Transparency in the textile chain

Transparency in the textile supply chain is important for many reasons and is increasingly demanded politically as well as by us consumers. According to a study by Fashion Revolution, 75% of consumers say they want more information when buying clothes (Fashion Revolution Consumer Survey Report 2020). They want to know where the material comes from, under what circumstances was the garment produced, where and by whom?

With the legal requirements of the new Supply Chain Due Diligence Act (Lieferkettensorgfaltspflichtengesetz – LkSG), among others, larger companies are now being held accountable to fulfil their due diligence obligations in the supply chain and to ensure an improvement in the international human rights basis. We do not want to judge here to what extent the law is sufficient. Many experts have already spoken out on this.
To enable transparent sustainable communication, manufacturers and brand suppliers need to know their entire supply chain. For this they need relevant data. The textile value chain extends over various steps and often over several contingents. This can make data collection difficult. Only those who have the right data at the right time can draw conclusions about the social or ecological impact of their own actions. Only in this way can responsibility be taken, whether by the producer or the consumer.

The Düsseldorf-based start-up retraced has found a technological solution that makes it easier for companies to present their textile value chain on a platform and to bring together the data on sustainability, compliance, transparency in one place. This enables transparency all the way to the source of raw materials. They won the German Sustainability Award for Digitalisation for their platform.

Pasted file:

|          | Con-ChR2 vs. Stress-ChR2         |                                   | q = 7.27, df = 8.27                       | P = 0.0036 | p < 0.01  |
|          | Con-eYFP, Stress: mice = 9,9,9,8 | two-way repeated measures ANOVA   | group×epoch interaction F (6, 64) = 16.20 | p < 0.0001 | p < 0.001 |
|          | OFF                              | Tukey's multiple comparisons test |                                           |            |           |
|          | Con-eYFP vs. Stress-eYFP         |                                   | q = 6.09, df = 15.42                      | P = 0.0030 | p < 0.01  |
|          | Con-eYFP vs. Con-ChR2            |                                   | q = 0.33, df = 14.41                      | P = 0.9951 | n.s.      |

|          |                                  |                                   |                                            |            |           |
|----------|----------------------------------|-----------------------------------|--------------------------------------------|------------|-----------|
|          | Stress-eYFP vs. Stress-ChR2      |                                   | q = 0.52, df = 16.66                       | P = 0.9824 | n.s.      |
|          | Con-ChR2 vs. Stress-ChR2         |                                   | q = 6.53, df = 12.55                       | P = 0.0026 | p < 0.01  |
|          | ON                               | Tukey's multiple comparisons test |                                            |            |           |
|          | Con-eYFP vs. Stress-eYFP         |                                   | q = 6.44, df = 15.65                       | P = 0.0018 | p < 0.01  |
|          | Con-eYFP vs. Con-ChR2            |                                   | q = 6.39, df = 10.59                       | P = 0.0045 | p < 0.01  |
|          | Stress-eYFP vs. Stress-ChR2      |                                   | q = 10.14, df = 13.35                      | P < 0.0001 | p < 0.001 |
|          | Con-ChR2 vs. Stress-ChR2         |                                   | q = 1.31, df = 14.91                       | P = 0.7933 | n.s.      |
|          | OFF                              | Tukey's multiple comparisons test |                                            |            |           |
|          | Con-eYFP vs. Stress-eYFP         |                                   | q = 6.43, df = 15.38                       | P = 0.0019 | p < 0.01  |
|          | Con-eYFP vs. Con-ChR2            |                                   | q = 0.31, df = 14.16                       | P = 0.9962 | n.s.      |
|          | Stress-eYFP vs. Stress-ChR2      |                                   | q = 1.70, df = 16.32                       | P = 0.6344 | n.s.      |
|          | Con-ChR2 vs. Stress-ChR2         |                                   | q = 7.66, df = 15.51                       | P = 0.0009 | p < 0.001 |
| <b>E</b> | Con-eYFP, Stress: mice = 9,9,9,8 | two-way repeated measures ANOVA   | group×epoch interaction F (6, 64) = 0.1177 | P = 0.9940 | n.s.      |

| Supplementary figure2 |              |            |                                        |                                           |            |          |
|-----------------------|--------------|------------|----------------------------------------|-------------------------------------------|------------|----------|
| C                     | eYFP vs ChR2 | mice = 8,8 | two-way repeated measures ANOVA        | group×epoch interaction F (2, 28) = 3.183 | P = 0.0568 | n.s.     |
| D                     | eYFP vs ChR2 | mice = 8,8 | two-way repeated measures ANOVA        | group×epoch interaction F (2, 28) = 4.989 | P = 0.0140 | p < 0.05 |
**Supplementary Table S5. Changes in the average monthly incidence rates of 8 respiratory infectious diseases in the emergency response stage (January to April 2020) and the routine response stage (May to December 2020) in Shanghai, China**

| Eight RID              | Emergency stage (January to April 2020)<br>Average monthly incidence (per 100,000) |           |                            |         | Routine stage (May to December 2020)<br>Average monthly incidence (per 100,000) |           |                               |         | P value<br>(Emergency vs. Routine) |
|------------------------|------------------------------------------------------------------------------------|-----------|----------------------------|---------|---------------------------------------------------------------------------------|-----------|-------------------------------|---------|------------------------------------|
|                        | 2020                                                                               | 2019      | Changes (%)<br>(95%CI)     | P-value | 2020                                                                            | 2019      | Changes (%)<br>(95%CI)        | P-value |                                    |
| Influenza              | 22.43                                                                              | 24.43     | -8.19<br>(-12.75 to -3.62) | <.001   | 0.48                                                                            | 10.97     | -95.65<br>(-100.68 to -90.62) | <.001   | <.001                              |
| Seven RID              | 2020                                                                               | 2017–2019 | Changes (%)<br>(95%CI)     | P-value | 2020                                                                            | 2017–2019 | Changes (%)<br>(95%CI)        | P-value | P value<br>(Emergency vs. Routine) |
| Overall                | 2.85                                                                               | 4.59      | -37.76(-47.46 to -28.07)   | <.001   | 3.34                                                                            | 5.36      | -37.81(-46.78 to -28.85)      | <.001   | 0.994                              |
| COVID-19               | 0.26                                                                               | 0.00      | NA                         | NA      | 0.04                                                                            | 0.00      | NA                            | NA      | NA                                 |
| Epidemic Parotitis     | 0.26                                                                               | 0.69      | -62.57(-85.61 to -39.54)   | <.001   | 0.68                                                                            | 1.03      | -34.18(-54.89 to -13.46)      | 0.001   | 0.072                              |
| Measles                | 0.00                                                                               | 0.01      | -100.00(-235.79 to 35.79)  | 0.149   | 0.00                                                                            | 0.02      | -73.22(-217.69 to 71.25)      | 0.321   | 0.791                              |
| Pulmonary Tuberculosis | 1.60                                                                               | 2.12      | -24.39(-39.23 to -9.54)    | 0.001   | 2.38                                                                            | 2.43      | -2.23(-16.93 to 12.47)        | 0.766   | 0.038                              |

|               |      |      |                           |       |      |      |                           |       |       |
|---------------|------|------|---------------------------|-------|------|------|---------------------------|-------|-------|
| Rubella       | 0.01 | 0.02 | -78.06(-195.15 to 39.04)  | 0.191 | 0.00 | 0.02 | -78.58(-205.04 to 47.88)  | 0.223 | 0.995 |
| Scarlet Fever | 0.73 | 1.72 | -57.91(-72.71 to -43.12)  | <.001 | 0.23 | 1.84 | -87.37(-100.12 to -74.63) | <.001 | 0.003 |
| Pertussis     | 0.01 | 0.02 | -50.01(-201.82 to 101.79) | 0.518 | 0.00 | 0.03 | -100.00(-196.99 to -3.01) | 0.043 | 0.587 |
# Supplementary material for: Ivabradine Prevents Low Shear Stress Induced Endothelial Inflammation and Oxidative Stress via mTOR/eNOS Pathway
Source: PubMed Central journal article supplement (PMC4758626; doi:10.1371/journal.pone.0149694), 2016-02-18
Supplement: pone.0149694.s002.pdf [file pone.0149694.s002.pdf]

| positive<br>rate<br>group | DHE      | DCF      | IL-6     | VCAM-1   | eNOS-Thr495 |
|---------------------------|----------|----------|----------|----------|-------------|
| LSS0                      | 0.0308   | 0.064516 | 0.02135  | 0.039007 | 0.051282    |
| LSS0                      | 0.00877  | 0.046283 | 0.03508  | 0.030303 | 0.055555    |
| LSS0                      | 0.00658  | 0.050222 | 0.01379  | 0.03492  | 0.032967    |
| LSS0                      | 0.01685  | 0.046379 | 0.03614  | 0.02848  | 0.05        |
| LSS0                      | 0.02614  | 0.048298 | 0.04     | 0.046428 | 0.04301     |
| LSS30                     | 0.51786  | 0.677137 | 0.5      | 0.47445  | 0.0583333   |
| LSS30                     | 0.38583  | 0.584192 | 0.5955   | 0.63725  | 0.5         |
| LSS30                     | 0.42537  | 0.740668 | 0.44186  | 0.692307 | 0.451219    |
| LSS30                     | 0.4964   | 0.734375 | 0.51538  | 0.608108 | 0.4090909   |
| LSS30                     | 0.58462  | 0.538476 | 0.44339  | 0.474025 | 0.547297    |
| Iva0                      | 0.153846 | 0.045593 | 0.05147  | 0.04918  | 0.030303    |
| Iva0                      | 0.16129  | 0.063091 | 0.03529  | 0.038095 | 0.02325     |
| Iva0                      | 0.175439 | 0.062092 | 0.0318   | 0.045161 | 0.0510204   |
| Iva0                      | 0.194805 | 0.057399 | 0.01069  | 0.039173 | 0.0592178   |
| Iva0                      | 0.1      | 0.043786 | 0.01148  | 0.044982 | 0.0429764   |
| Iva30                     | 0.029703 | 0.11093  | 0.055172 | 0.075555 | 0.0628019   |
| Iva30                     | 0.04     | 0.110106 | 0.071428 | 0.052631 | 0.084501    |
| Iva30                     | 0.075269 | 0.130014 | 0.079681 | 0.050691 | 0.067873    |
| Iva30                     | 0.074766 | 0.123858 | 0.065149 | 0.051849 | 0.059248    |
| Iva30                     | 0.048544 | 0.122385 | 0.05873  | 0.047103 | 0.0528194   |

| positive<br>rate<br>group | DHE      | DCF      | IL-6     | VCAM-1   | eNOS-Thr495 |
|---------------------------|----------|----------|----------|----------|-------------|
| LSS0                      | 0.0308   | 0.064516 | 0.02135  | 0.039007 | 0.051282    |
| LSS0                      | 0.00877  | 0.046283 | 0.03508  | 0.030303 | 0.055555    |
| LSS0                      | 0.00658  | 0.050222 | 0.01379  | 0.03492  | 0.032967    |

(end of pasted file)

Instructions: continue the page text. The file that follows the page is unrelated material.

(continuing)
They have now been on the market with their blockchain solution since 2019. They have been able to work with well-known partners since then and show that transparent and sustainable supply chains work. It is easier for users to meet their obligation to contribute but also to communicate with customers. One partner of retraced is for example the brand dedicated. They present information about producers on their website, what certifications they have and when they last visited them. This works because the brand offers a manageable range of sustainable fashion. You can read about the concrete use case on retraced’s site.

Other providers have developed solutions that do not require blockchain. They serve to make the quality of raw materials in the end product transparently traceable. For example, the start-up Tailorlux works with macerating fibres that function like an optical fingerprint and are mixed directly with the fibres. Sensors can be used to make the markings visible and draw conclusions about the proportion of the marked fibre. Proof of the quality of the raw materials can thus be made transparently traceable and secured across global supply routes. This is becoming more and more important with increasing tensions in the raw material markets.

Companies that take the time to audit and certify spend a lot of resources to provide transparency. What do we consumers do with this information? Do we use it? According to a study by Zalando (Attitude-Behaviour-Gap-Report), 60% of respondents say that transparency is important to them, but only 20% actively seek sustainability information when shopping.

So it is up to us to use the information that is already available in parts and to align our actions accordingly and, where information is not yet available, to ask for it.

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